WASHINGTON – Vacancies within the Food Safety and Inspection Service don't mean fewer inspectors in the nation's meat processing plants, an FSIS official said in a March 19 blog post
Aaron Lavallee, deputy assistant administrator for FSIS' Office of Public Affairs and Consumer Education, wrote the blog in response to claims that inspector vacancies at the agency were resulting in more food recalls. Lavallee's response comes as groups representing food safety, environmental, labor and other interests have ramped up protests against the US Department of Agriculture's plan to modernize inspections at poultry-processing plants.
The post, "Setting the Record Straight on FSIS Inspector Vacancy Rates", said a New York Times
article which ran in February was based on "misleading and inaccurate information" provided by Food & Water Watch. The New York Times
later issued a correction to its report.
"The article was supposedly based on data from a Freedom of Information Act [FOIA] request by an outside group called Food & Water Watch — but Food & Water Watch had not yet received that FOIA report," Lavallee wrote. "Yet, they told the Times
they had received it, and the Times
unfortunately reported faulty information without verification.
referenced in the article is actually just being released today (March 19)...The report will show that, at the end of Fiscal Year 2013, there was a vacancy rate of 7.08 percent among FSIS’ inspectors. Food & Water Watch claimed, and the New York Times
reported, that inspectors in the Raleigh District faced an 11 percent vacancy rate. In fact, the vacancy rate there is currently 8.27 percent."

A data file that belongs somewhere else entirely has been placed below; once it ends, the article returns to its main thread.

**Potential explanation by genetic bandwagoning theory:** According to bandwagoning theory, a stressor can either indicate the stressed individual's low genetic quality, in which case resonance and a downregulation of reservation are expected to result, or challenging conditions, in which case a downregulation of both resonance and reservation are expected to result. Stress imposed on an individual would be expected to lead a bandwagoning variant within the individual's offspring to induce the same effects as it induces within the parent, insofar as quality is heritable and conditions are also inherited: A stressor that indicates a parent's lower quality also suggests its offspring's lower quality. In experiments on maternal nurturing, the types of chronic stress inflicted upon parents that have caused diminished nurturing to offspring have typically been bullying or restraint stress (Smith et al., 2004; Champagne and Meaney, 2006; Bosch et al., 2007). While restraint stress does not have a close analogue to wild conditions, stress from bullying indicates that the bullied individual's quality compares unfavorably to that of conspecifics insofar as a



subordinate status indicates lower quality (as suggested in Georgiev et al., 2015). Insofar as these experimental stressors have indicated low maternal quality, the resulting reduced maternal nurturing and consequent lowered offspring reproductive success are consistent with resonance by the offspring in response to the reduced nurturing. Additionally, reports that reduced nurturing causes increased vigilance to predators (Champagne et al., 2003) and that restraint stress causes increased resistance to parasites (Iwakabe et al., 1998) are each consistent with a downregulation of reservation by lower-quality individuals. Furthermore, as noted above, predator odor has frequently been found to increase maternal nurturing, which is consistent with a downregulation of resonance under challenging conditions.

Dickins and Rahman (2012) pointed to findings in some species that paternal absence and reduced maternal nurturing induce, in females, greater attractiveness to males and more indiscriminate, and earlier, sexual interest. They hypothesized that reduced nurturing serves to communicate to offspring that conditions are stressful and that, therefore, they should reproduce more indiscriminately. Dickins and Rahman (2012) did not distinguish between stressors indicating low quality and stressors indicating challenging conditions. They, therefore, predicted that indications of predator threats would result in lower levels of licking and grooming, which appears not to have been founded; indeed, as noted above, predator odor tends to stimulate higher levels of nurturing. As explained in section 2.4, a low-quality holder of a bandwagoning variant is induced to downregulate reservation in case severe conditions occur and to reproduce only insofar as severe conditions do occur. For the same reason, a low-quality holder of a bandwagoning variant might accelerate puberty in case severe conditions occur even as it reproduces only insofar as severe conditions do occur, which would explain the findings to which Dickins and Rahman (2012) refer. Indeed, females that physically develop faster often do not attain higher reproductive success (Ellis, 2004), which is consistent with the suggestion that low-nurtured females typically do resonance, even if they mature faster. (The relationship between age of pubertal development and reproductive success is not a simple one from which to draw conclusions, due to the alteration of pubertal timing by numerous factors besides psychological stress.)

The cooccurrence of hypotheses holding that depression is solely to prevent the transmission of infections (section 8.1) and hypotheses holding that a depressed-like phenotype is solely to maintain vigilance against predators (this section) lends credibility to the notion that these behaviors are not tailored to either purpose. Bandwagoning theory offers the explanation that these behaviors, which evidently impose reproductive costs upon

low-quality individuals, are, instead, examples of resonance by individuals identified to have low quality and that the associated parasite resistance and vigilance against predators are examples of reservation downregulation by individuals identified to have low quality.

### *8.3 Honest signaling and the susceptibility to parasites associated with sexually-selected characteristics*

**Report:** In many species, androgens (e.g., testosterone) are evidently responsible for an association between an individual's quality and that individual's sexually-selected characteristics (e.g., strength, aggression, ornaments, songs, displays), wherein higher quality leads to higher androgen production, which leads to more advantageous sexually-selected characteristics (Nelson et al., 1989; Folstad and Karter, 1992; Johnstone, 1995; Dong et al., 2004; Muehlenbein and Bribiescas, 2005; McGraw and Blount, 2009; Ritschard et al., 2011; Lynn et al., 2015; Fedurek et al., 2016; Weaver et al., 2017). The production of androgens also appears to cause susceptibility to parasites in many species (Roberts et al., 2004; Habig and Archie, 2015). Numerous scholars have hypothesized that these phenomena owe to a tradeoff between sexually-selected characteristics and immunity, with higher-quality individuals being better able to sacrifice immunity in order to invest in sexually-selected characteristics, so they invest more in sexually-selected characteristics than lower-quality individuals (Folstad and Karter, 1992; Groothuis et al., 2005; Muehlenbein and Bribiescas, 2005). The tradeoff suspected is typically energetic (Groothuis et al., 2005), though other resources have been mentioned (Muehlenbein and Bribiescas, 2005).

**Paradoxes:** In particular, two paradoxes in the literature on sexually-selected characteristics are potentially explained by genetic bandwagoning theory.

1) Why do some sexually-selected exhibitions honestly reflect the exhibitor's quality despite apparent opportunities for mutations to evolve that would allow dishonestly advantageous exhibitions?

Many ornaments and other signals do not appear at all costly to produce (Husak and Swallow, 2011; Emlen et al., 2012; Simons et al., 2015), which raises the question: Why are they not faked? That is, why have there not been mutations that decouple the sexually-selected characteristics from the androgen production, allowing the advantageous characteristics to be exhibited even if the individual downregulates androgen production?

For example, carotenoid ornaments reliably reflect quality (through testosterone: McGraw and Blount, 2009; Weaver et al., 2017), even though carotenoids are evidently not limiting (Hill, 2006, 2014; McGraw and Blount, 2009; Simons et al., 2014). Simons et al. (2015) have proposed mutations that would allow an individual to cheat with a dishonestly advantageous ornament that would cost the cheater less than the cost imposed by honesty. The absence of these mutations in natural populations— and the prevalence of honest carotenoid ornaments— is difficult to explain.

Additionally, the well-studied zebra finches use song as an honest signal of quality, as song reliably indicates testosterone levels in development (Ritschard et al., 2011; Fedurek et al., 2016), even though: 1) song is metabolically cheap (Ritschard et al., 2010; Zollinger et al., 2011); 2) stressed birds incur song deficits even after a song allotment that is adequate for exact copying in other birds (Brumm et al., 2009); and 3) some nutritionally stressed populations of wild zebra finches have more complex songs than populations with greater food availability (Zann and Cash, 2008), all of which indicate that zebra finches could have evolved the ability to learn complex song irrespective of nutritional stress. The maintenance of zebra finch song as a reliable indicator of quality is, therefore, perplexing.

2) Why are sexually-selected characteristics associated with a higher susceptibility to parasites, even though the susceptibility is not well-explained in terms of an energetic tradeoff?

Food & Water Watch recently launched a series of advertisements in Washington, DC media urging President Obama and Agriculture Secretary Tom Vilsack to rescind the Modernization of Poultry Slaughter Inspection
rule. Also, more than 60 members of Congress wrote a letter to Vilsack urging him to conduct an additional review of the impact of the proposed rule on public health and animal welfare.
FSIS’ Lavallee maintained that no processing plant is allowed to operate without the required number of FSIS inspectors. He noted that the agency’s vacancy rate fluctuates as workers leave FSIS or retire. FSIS is working to fill open positions, he added.
"It is irresponsible to attempt to confuse FSIS vacancy rates with plant inspector shortages and then imply that meat and poultry products are less safe as a result," Lavallee concluded. "There is no connection between recent recalls and FSIS vacancy rates, and any claims that these issues are linked are false."